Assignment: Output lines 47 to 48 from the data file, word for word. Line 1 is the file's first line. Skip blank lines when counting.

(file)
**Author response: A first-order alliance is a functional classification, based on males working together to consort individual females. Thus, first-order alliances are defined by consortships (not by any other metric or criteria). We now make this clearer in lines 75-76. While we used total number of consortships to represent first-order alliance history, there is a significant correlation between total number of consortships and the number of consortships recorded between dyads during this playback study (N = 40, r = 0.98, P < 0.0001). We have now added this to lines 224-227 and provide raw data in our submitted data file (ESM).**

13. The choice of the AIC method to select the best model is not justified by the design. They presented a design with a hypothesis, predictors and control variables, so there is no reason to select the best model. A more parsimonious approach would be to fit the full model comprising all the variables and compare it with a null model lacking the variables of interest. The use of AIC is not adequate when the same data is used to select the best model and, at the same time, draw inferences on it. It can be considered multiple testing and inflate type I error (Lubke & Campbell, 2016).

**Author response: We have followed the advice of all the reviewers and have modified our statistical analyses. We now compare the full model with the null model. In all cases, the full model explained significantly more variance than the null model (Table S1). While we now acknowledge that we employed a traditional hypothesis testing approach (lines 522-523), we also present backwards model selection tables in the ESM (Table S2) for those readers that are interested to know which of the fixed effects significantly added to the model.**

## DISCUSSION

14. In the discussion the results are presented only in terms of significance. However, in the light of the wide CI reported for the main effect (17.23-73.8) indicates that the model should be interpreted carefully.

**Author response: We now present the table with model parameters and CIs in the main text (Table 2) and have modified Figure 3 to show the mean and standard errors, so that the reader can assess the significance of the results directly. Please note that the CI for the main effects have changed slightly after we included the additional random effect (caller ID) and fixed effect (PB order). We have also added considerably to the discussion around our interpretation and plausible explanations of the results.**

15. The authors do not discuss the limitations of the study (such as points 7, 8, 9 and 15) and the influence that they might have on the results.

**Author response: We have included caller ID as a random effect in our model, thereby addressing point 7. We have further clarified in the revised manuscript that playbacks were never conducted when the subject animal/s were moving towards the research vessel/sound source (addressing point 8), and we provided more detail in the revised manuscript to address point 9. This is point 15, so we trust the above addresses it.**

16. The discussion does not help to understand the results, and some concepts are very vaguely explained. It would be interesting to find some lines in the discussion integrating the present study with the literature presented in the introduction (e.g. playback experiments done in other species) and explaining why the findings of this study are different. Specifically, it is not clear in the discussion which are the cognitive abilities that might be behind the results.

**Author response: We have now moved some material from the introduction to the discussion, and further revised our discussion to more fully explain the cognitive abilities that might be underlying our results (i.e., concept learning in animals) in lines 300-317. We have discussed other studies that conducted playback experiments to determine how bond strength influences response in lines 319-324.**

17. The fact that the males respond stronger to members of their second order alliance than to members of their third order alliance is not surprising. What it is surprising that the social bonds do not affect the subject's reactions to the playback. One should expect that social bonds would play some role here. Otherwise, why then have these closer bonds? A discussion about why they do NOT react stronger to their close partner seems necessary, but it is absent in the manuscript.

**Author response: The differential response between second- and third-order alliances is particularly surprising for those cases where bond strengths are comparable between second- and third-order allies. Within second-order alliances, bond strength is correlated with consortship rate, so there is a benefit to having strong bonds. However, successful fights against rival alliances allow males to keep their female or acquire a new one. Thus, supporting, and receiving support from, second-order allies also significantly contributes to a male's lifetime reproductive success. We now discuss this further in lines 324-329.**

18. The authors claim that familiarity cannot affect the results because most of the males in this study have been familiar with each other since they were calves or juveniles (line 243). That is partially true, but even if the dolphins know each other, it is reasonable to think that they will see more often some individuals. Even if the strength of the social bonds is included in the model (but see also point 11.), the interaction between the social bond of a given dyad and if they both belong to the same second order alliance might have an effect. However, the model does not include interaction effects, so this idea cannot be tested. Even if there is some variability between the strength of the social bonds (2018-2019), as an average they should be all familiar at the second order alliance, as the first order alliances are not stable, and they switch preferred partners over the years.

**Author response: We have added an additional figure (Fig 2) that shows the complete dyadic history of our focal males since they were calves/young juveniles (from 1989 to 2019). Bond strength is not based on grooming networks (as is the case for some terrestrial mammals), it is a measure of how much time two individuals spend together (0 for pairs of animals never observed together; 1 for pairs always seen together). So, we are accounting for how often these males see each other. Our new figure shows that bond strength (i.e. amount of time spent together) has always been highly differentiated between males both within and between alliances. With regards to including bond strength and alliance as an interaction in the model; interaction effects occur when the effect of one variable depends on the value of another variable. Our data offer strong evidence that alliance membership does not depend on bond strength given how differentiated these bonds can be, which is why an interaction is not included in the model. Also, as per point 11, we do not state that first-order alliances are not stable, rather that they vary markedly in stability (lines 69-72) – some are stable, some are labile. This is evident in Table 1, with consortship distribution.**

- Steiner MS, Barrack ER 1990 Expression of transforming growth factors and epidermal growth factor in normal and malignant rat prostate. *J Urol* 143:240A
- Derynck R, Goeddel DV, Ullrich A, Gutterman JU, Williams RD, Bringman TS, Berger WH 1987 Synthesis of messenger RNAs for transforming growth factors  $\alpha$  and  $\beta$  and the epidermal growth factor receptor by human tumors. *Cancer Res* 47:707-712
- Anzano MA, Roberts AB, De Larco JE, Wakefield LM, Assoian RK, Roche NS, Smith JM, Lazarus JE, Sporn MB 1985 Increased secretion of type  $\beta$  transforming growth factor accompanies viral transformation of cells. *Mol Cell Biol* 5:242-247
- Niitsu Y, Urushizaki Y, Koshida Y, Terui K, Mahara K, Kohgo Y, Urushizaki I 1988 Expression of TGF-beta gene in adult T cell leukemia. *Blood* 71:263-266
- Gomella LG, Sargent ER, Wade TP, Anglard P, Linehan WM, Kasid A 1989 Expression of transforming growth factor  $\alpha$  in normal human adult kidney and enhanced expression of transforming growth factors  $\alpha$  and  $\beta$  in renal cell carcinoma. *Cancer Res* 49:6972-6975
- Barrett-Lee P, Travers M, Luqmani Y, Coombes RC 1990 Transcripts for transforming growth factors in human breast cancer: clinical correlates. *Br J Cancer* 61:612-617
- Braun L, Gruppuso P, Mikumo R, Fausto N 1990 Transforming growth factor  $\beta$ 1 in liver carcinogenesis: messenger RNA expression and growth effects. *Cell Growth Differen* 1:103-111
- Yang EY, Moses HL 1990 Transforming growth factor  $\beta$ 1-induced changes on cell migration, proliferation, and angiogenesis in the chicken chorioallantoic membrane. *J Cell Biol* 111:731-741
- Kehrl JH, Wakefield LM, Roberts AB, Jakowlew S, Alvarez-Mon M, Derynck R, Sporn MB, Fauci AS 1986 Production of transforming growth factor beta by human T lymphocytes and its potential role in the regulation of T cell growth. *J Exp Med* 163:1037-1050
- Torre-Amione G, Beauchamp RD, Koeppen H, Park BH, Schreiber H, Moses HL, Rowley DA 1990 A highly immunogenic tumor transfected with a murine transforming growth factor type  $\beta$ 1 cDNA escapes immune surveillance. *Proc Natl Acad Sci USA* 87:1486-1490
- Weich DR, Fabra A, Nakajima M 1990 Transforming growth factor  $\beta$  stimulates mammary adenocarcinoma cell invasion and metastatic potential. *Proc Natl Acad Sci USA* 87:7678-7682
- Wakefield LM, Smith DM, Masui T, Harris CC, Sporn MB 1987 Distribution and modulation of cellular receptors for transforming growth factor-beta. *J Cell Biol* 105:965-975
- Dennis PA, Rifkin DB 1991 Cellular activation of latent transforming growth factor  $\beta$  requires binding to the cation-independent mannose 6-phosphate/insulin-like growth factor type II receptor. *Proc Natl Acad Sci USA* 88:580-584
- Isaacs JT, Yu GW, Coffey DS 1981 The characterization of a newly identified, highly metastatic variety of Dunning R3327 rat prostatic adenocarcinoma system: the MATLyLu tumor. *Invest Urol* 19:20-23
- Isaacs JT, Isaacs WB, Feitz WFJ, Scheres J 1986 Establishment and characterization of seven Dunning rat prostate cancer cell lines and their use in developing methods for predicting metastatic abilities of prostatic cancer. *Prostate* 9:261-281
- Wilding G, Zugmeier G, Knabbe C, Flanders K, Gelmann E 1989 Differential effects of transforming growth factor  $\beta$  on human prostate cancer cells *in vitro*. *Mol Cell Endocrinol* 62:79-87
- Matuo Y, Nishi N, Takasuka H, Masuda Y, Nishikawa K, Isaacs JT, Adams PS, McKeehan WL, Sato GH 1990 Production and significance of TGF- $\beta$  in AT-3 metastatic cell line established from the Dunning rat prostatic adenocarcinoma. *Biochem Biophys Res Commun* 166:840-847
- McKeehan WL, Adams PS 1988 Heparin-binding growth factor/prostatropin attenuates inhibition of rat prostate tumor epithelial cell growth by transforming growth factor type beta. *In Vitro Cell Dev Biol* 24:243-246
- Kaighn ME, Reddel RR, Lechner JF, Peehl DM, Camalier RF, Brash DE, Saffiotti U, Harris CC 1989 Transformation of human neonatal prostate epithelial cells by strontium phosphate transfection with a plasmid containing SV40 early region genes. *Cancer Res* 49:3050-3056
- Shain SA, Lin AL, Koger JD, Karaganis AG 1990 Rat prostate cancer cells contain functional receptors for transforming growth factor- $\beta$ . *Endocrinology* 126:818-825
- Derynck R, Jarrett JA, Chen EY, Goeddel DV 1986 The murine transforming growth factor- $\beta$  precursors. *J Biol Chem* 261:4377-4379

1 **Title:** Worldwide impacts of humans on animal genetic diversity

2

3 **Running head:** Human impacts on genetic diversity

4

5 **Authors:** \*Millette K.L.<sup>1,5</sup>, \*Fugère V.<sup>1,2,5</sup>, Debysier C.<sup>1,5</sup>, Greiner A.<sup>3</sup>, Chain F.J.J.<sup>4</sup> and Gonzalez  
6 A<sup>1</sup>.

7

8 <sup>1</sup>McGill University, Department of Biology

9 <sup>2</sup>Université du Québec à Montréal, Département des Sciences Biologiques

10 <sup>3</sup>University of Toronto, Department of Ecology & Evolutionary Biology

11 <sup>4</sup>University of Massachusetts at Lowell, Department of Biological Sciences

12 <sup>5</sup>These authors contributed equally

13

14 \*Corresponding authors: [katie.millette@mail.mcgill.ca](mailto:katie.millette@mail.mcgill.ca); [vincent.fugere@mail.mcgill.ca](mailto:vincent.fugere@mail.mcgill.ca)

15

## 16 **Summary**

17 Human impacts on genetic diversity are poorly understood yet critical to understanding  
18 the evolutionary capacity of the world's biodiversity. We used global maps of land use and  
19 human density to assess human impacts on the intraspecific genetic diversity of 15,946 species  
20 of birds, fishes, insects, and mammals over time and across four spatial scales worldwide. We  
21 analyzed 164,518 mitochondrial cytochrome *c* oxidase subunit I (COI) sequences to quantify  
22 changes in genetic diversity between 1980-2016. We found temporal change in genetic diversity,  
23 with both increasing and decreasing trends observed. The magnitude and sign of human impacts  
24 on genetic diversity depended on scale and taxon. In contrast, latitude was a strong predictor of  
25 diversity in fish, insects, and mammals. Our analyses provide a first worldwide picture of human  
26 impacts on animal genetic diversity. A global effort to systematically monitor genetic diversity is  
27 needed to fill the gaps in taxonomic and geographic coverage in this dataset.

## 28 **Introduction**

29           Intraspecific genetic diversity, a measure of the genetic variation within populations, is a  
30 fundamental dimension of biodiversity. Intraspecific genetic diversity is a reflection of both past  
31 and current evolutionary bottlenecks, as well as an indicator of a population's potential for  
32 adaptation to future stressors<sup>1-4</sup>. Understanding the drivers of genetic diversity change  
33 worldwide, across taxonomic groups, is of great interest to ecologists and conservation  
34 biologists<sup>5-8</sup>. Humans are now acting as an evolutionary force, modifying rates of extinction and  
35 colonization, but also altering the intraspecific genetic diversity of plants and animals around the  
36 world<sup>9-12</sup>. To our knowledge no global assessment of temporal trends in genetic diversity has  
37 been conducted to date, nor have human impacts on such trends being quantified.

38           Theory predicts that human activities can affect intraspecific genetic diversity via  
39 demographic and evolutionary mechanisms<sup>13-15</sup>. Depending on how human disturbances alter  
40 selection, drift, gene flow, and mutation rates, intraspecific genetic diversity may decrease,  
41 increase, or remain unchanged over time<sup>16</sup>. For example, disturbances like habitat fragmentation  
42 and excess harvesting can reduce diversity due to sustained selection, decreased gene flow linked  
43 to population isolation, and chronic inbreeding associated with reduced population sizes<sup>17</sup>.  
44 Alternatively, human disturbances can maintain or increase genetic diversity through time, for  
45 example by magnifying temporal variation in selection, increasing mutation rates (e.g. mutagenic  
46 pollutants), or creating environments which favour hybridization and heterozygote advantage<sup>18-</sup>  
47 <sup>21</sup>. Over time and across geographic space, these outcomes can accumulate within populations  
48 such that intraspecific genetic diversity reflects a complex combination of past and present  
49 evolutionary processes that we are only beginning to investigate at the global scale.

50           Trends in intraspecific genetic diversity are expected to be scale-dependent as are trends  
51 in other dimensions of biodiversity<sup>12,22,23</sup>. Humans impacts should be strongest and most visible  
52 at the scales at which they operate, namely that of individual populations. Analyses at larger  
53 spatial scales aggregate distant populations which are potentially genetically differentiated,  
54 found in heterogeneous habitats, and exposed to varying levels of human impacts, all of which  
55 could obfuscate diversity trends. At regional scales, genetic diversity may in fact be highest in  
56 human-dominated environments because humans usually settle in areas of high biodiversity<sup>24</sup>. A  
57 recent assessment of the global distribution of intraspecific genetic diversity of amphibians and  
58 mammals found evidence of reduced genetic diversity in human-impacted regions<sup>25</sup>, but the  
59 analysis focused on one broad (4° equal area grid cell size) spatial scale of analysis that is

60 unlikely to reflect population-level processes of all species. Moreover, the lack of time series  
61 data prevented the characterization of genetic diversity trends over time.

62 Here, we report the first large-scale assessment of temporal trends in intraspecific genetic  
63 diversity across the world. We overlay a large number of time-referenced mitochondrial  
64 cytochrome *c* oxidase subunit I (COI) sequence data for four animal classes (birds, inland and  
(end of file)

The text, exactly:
12 <sup>5</sup>These authors contributed equally

13